Although history may be seen as a tapestry portraying the wars and conquests of humankind, it may also be seen as the continuous expansion of human presence in the planet, the domestication of animals, and the reshaping of natural environment into one that fits the needs of humans. Humans are always chasing after the next frontier, oftentimes compromising the environmental cleanliness and healthiness of their very own surroundings (Haughton & Hunter, 2003). The history of San Francisco is also characterized by a continuous expansion and chasing after the proverbial next frontier.
Brechin (2001) in his book, Imperial San Francisco: Urban Power, Earthly Ruin explores the history of San Francisco and challenges the stereotypical view that the city is tolerant. By tracing through 150 years of the city’s history, the author was able to uncover grievous features of the city’s history. San Francisco was one of the major sites of the Gold Rush in the mid nineteenth century. The founding members of the society, usually from the South, engaged in mining coal and other minerals in the area.
This resulted to the environmental devastation of wet lands, streams and forests of San Francisco (Brechin, 2001). The aristocracy who managed most of the mining industry derived tremendous profit from such industry. These profits were then diverted into other endeavors such as the exploitation of forests, currency speculation and extraction of oil. As a result of the process, several towns were destroyed. The forest region around Lake Tahoe diminished drastically, a wide area of farmland were buried by the onslaught of mining debris, leading to the contamination of the soil and bodies of water around the area.
In addition to this, Brechin (2001) underscores that the research on nuclear power started at the University of California and was completed in the Manhattan Project. The price of progress is staggering! Although San Francisco, today, is a famous city and frequented by tourists, such progress was attained at such a big cost to the environment and consequently, the cost will be transferred to the future generations. San Francisco, according to Brechin (2001) epitomizes the city in the Atomic Age, together with the environmental havoc that it brings.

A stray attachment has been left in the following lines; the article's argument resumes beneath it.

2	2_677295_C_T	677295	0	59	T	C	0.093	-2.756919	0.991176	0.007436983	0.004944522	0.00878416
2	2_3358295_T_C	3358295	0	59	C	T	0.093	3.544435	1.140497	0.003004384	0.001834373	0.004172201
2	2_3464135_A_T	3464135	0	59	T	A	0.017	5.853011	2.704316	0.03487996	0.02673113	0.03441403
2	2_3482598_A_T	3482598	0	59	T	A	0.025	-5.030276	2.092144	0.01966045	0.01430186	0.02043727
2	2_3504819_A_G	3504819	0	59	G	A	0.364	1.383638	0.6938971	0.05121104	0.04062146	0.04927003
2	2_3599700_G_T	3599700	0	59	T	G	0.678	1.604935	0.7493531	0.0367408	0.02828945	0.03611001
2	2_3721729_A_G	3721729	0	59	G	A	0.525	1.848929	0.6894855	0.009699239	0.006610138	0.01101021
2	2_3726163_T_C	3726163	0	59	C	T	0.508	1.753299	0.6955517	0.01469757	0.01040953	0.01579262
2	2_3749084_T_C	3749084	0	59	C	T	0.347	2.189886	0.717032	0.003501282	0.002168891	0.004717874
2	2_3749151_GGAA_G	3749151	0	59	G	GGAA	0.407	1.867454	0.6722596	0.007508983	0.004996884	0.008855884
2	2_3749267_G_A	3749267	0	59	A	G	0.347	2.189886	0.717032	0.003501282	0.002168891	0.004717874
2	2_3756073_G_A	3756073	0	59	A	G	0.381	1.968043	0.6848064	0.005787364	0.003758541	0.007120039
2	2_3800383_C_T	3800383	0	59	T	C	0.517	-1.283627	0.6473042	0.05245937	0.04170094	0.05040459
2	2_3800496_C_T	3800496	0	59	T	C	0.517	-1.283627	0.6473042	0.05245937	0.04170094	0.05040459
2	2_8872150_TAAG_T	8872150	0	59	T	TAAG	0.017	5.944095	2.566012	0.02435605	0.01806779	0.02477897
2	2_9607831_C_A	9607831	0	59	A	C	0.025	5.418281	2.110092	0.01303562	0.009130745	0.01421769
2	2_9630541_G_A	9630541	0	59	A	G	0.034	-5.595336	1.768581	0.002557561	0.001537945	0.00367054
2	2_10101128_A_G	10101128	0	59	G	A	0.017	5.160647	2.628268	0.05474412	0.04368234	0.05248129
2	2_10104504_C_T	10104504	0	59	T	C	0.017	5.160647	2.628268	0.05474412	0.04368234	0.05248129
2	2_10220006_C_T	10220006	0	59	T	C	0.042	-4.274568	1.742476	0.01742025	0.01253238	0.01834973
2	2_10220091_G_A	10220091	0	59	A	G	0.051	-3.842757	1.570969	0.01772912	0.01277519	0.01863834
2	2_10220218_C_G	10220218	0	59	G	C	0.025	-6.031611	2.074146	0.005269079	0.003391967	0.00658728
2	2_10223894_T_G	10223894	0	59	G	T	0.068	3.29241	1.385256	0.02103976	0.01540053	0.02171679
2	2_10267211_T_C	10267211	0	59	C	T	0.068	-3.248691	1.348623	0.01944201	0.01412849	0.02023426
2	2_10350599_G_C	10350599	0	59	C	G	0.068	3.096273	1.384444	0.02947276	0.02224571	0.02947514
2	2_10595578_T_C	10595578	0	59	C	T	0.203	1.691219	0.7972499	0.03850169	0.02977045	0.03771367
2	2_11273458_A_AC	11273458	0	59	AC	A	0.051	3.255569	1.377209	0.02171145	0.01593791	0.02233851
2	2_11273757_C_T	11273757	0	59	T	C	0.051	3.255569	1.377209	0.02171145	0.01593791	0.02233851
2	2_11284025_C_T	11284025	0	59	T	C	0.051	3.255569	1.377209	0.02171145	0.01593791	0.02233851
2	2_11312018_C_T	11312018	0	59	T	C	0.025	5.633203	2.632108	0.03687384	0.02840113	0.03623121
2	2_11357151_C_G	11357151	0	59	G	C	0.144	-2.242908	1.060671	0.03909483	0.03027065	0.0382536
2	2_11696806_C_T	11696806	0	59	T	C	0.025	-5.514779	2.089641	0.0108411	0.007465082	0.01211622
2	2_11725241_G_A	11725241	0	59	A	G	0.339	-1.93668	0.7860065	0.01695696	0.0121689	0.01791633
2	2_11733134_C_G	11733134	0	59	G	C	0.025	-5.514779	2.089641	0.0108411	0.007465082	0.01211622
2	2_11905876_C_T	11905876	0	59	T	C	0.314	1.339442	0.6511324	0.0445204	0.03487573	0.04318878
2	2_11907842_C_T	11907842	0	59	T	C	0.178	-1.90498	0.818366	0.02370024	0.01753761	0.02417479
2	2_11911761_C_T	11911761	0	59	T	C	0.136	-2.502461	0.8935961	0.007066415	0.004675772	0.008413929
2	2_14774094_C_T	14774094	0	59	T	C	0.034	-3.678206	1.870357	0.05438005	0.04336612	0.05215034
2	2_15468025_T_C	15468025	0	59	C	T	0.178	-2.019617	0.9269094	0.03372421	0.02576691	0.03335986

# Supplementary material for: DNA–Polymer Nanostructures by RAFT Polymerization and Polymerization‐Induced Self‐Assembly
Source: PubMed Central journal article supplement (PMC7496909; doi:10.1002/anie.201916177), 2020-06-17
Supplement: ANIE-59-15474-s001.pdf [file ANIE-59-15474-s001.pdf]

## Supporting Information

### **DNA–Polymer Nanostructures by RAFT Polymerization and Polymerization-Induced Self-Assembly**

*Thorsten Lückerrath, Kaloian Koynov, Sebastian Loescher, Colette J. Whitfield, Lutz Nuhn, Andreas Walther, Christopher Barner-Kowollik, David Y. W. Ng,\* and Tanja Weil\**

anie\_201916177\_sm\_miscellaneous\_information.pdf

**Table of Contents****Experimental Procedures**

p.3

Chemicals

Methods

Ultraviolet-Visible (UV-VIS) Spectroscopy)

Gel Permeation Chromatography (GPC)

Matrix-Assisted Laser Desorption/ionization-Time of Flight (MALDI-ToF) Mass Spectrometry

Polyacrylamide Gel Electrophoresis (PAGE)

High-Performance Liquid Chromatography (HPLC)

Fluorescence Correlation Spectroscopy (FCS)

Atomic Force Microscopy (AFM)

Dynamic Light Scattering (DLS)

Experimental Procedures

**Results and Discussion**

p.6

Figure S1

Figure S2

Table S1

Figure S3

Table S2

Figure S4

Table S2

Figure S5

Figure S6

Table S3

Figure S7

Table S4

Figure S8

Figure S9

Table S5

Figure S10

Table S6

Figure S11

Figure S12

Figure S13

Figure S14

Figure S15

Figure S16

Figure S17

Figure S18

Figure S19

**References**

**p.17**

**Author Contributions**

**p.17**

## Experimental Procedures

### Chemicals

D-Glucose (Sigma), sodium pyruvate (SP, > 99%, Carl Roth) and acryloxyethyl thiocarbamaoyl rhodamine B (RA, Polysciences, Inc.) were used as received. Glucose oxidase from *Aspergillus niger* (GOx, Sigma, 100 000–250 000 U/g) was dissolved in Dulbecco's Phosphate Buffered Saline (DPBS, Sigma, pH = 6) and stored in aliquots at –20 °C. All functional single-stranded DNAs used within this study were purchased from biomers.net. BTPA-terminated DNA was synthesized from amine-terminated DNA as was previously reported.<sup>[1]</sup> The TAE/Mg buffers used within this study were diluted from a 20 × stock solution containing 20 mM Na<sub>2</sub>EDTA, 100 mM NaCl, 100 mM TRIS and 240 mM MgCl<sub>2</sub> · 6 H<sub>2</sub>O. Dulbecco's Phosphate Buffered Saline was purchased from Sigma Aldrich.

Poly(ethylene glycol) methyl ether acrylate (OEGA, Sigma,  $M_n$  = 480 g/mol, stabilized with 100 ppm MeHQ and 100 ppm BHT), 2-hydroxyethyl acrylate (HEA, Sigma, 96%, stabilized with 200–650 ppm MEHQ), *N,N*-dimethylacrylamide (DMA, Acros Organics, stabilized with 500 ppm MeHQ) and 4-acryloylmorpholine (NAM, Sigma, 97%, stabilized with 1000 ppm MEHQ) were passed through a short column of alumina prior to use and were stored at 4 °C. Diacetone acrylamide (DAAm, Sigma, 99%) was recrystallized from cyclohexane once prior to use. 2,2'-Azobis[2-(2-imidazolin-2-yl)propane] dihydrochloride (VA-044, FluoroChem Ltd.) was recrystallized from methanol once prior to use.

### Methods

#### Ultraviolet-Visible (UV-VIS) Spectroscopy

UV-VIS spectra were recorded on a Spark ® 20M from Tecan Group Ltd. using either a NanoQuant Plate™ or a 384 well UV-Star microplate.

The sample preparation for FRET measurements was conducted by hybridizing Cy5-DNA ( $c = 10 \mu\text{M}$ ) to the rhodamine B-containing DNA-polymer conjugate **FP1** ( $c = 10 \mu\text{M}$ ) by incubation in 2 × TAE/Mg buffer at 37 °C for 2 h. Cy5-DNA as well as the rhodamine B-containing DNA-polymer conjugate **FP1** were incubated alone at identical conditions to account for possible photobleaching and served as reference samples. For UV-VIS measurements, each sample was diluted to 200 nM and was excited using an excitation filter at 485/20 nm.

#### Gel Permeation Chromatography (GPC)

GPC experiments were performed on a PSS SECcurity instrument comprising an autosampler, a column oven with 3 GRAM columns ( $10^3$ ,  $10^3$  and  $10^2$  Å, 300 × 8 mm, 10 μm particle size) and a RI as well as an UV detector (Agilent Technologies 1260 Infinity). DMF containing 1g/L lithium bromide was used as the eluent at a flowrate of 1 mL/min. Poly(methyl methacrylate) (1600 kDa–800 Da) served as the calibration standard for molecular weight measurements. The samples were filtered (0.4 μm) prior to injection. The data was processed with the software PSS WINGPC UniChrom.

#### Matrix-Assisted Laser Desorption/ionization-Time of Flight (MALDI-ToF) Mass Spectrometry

The example of San Francisco is also being repeated in developing countries. A lot of people are now migrating from the countryside into the cities. This trend makes the cities crowded, unsustainable in terms of the people’s use of the environment and causes pollution. In spite of these environmental issues, these cities are experiencing economic growth. The question, however, is that until when will this growth be experienced? (Evans, 2002). The presence of economic growth alongside environmental decay is also present in Africa, where most of nations in the region are developing ones.
Although the efforts of these countries for development are bearing fruit, the environmental issues and problems being experienced by these countries in the continent are the result of activities geared toward making them more developed. The population of elephants in Africa has been greatly affected because of the desire of people to amass wealth from their tusks (Tesi, 2000). Urban growth attracts people from less developed areas of any given country. As such, they would need to have jobs, use the resources available in their environment and sustain their lives.
Along the process, the ecological balance is affected. As shown by the experience of San Francisco, as well as by the African continent, economic growth is accompanied by the degradation of the environment.
Brechin, G. (2001). The Environment and Development in Africa. California: University of California Press. Evans, P. B. (2002). Livable Cities? : Urban Struggles for Livelihood and Sustainability. California: University of California Press. Haughton, G. , & Hunter, G. (2003). Sustainable Cities. London: Routledge. Tesi, M. K. (2000). The Environment and Development in Africa. New York: Lexington Books.